This experiment is part of the cerebellar battery run in 2022-2023. 

      • Patients at UW: Both f0 and f1 are in session 2
      • Controls at UW: Both f0 and f1 are in session 1
      • Patients at UCSF: Both f0 and f1 are in session 2

      In this battery, participants come in for multiple sessions and do multiple experiments in a row. As such, this is a bare bones document on how to run the experiment. Procedures for consent, hearing screening, awareness surveys, general equipment set up, and payment are not included in this document. See the documents below for how these procedures are implemented in this multi-study session: 

      1. Protocol for cerebellar battery: controls
      2. For patients

      What's special about this experiment

      This is a perceptual experiment that first records tokens from the participant, and then uses those tokens as the basis of the perceptual stimuli. 

      This code can run in either f0 mode (pitch perception) or f1 mode (formant perception). You will have to specify which one at the beginning of the experiment. 

      Prepping for participant

      Participant will need: 

      1. Microphone (for recording initial tokens)
      2. Headphones --- do not put the headphones on until after the participant is done recording tokens. 
      3. Keyboard (for responses) 

      Pre-experiment instructions

      Tell the participant: "In this experiment there will be two sections. In the first section, you will say {ba / bed} a few times and we will record your speech. In the second section, you will hear three different tokens and say which are most similar to each other. There will be a short pause between sections while I get things set up. Do you have any questions?" 

      Stimulus setup

      Type run_cerebJND_expt in the Matlab command window and press enter. 

      You will be prompted to enter in either f0 or f1.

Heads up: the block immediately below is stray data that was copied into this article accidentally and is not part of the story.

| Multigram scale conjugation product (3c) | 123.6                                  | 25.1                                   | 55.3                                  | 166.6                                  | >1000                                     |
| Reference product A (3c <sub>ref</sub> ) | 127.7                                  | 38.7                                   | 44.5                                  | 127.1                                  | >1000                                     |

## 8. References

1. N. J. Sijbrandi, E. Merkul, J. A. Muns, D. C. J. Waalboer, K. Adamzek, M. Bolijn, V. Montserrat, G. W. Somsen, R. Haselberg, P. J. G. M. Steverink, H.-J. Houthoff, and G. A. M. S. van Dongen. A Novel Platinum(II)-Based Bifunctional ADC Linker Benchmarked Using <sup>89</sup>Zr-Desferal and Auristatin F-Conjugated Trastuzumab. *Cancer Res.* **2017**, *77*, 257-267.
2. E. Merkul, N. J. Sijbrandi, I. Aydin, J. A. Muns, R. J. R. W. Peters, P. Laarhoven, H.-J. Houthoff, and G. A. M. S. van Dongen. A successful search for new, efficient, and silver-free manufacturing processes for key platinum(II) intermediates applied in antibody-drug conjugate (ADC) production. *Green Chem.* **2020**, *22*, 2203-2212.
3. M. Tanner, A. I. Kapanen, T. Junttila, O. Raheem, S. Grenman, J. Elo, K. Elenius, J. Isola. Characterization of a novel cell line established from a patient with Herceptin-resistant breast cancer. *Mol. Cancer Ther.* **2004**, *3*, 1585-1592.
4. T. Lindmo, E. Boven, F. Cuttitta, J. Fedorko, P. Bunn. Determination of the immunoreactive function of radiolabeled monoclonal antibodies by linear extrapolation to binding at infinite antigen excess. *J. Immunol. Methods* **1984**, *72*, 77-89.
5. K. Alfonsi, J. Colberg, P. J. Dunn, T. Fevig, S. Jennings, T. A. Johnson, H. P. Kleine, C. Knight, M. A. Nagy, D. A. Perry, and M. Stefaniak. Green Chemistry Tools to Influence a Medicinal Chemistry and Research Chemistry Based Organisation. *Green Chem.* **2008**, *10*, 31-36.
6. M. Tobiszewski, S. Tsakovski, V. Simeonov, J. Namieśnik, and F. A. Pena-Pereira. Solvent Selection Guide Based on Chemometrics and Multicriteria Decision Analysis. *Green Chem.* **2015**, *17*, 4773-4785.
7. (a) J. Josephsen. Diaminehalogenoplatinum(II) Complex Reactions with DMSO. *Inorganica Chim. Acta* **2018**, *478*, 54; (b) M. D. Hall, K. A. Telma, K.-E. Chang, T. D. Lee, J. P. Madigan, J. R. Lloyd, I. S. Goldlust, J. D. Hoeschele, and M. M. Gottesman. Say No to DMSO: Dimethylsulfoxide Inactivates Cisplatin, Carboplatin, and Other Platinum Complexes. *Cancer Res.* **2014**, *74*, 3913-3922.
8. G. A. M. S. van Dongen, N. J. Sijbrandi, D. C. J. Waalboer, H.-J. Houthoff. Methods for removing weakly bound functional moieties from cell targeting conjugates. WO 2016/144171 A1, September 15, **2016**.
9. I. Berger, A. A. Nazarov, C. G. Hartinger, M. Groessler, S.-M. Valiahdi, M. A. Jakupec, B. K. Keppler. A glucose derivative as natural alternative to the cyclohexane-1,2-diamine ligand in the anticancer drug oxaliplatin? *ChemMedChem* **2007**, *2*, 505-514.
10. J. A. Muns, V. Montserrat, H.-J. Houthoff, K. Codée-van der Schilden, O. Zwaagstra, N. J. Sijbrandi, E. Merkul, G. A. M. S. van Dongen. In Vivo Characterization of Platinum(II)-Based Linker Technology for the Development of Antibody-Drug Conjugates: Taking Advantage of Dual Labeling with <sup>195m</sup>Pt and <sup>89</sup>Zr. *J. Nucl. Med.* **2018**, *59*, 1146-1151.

• If you are doing PITCH perception, type f0.
        • You will be prompted to enter which pitch shifting algorithm you want. [[ANNEKE: WHICH ALGORITHM TO USE IN WHAT CIRCUMSTANCES?]]
      • If you are doing FORMANT perception, type f1. 
      1. The participant will be prompted to say “ba” (f0) or "bed” (f1) for five trials. They can just talk normally. 

      2. After they are done recording the tokens, you will get the option to either re-record (if you think that none of the trials were a good representative of the participant's "clean" speech), or choose the trial that you want to base the continuum on. 

      3. If you “move on,” then the script will automatically trim each trial to the speech portion and play each through your computer’s default speakers. (If you want to listen with headphones, I recommend setting your Windows default sound output device to the desktop computer, and then plugging in headphones.)

      4. If one of the trials seems like a good candidate for creating the continuum, enter that trial's number (1-5) in the command window and hit enter. 
        1. If you want to hear them all again, press 9
        2. If they all actually sound bad, press any number between 1 and 5, then type "yes", then type "redo" when given the option

      5. Once you pick a trial that sounds okay, you will see a waveform showing you how the automatic trimming was done. You cannot change the trimming, but it might inform your decision of whether that’s a good trial or not. If it looks good, say Yes. The trimming should include the entire vowel. 

      6. Now, you’ll be given a final choice about if you want to keep that as your final continuum basis, or if you want to record new speech tokens. (redo/move on)
      7. Once you move on, the computer will begin generating tokens with slightly different f0 or f1. Tell the participant: "Okay, you can relax for a few minutes while we generate the sounds that will be used in the next section. This may take a couple of minutes." 

      Perceptual staircase (main task) 

      After the stimuli have been generated, you will move onto the actual perceptual section of the participant. Tell the participant: